Let's just dive into the writing about comics that really jumped out this week.
First off, congrats to the 11 O'Clock Comics podcast crew Vince, David, and Jason, and their 800th episode this week! I really don't know how they've done it for as long as they have. Their first episode was published on May 2, 2008 so for over 14 years, they've been providing great discussion and commentary on comics and everything happening around them. And now the march to 1,000 episodes begins.
Maybe it's with a Netflix show starting soon but I just started rereading Neil Gaiman, Sam Keith, and Mike Dringenberg's Sandman recently. I've actually tried a number of times to reread it over the past couple of years and never made it that far into the series but I seem to be getting through it this time.
So I was happy to see I wasn't the only one checking out the series. For Multiversity, Kate Kosturski is taking a look at the series, 3 issues at a time.
A story this grand deserves an artist just as grand (if not more). Sam Kieth and Mike Dringenberg certainly rise to this occasion, using Baroque and Byzantine artistic influence on each page. I’m often reminded of the paintings of El Greco and Caravaggio as I look at the use of shadow as a tool to for adding emphasis. This isn’t a world bathed in complete darkness; color balances well with the shadow to set scene and tone. In dream moments when light and color overtake the shadow, the artificial application of the color does set those moments apart as dreams – – or as is more apt for these characters, grotesque nightmares.
On her Substack, Molly Ostertag has a very touching comic called "a comic for my friend, Abe."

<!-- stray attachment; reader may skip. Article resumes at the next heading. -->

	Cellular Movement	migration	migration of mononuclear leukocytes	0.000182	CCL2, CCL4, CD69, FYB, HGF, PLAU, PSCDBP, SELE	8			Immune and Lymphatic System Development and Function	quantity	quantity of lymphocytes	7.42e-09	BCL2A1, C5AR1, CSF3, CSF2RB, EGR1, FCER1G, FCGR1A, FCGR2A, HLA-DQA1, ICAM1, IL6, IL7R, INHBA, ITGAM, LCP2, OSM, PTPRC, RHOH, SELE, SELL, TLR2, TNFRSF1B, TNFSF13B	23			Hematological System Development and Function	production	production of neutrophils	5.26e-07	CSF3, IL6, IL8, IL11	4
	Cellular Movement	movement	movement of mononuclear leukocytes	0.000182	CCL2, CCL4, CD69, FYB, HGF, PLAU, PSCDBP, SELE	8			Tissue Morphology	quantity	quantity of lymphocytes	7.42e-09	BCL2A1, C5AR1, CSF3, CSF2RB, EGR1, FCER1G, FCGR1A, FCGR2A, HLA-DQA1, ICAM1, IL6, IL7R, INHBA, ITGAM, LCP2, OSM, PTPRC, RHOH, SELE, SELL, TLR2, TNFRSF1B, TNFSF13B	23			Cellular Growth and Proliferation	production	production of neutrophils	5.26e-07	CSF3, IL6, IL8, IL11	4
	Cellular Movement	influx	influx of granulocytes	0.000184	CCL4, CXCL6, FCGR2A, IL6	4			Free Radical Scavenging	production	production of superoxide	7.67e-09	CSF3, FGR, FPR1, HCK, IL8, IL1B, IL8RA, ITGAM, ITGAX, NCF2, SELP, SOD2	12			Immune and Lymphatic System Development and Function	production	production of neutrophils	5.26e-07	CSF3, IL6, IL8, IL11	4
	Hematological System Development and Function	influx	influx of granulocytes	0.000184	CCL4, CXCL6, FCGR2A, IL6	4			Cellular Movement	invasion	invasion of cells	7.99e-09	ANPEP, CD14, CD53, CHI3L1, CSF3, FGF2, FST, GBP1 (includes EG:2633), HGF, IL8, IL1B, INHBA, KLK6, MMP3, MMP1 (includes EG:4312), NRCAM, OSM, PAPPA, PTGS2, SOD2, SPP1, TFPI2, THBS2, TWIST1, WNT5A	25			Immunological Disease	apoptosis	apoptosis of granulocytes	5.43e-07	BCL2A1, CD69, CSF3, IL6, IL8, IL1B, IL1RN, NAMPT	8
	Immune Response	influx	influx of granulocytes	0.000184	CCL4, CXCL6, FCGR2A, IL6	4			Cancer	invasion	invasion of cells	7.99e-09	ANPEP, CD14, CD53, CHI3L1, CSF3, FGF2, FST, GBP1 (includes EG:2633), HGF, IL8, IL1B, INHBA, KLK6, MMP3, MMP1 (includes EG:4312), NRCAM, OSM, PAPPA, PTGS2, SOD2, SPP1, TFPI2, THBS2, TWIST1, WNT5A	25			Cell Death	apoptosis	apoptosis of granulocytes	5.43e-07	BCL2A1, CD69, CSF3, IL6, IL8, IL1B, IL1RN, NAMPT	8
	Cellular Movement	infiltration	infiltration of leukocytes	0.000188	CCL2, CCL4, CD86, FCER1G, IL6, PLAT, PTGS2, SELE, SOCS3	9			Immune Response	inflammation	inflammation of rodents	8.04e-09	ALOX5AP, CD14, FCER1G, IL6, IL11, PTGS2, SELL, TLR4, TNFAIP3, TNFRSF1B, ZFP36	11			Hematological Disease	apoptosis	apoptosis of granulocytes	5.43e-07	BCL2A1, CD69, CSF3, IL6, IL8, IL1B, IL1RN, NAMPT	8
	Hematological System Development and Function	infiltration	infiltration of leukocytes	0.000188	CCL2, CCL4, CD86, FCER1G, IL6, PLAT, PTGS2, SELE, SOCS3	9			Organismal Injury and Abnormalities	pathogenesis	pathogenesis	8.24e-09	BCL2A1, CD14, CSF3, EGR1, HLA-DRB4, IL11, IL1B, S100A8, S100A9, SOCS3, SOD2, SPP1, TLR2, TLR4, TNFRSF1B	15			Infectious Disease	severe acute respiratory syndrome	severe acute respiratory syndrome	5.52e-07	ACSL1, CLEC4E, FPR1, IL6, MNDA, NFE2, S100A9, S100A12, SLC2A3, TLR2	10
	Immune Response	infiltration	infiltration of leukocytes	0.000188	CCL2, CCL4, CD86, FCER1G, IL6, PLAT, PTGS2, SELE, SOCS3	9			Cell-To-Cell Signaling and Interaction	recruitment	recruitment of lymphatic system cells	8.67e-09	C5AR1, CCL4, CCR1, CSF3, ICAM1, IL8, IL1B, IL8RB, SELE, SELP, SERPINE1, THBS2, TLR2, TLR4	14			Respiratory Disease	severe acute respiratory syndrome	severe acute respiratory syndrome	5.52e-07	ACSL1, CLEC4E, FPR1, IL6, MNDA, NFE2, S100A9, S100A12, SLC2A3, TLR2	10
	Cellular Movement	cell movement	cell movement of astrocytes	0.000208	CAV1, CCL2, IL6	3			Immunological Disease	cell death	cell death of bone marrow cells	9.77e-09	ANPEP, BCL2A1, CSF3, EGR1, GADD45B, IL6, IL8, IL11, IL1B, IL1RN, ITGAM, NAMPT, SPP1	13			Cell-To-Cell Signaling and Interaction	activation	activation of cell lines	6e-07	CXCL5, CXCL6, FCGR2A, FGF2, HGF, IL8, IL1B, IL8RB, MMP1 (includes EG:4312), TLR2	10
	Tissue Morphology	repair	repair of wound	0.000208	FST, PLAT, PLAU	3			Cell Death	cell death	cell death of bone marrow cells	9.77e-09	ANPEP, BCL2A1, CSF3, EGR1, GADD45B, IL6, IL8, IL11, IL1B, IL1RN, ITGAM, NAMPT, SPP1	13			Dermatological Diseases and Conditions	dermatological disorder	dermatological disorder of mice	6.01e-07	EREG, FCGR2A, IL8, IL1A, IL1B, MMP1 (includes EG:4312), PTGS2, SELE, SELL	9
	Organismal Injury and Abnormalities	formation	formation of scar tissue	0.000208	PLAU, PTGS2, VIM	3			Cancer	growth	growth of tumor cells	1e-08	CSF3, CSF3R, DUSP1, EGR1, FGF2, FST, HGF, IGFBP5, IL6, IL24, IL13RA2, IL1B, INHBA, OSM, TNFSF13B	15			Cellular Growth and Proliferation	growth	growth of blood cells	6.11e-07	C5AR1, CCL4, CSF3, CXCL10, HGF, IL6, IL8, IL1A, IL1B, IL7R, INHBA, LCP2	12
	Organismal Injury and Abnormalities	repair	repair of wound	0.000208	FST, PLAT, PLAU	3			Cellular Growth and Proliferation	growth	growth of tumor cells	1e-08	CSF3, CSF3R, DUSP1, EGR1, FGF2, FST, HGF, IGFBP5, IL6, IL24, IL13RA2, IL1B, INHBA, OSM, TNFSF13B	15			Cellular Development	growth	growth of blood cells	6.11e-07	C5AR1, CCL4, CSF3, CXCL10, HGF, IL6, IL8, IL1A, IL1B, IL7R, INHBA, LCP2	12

Over at Polygon, Ana Diaz reports on Eiichiro Oda, the creator of the long-running manga One Piece, taking a month-long break as he prepares for the series' 25th anniversary and the series "final saga."
Fans are debating whether the announcement means the story only has one arc left, or if it simply means the story will come to a conclusion soon. Regardless, we’ve known for a while that Luffy’s story was finally coming to an end; in 2020, Oda said One Piecewould end in five years.
I'm going to say that this cover makes this book look fun.
But at the Manga Critic, Kate Dacey doesn't have the highest regard for the Crazy Food Truck Volume 1.
Perhaps the most serious problem with Crazy Food Truck is Rokurou Ogaki’s lack of vision. A story this outlandish needs bold, individual artwork that matches the intensity and silliness of its central conceit, but Ogaki opts for a blandly synthetic approach that borrows liberally from better series. Each character seems to have been created by a different person: some are grotesquely cartoonish—the better to emphasize their villainy—while others look like they’ve escaped from Food Wars or Golden Kamuy.
Ouch. "Lack of vision" is never good. At one point, I had this book pre-ordered but I'm glad I backed out of it and waited to see some reviews for it. Luckily, I have plenty of other manga to catch up on.
Kelly Sue DeConnick caught us up with the turbulent happenings in her life in the most recent Milkfed Dispatches. Having gone through similar family events in the past couple of years, I completely understand where she's coming from and wish the best to her and her family.
But after she caught us up, she then stumped for Clayton Cowles, one of her primary letterers, and his Eisner nomination for Best Letterer. The piece is half praises for Cowles and another half of praise for lettering in general.
Skilled lettering not only doesn’t distract, a skilled letter quietly strengthens the storytelling. Balloon placement guides the eye art details you might otherwise miss, for example. Overlapping balloons and a very slight font size adjustment make one character talk over another. Or a little bit of extra tail between two balloons adds a beat to the rhythm and lands a joke.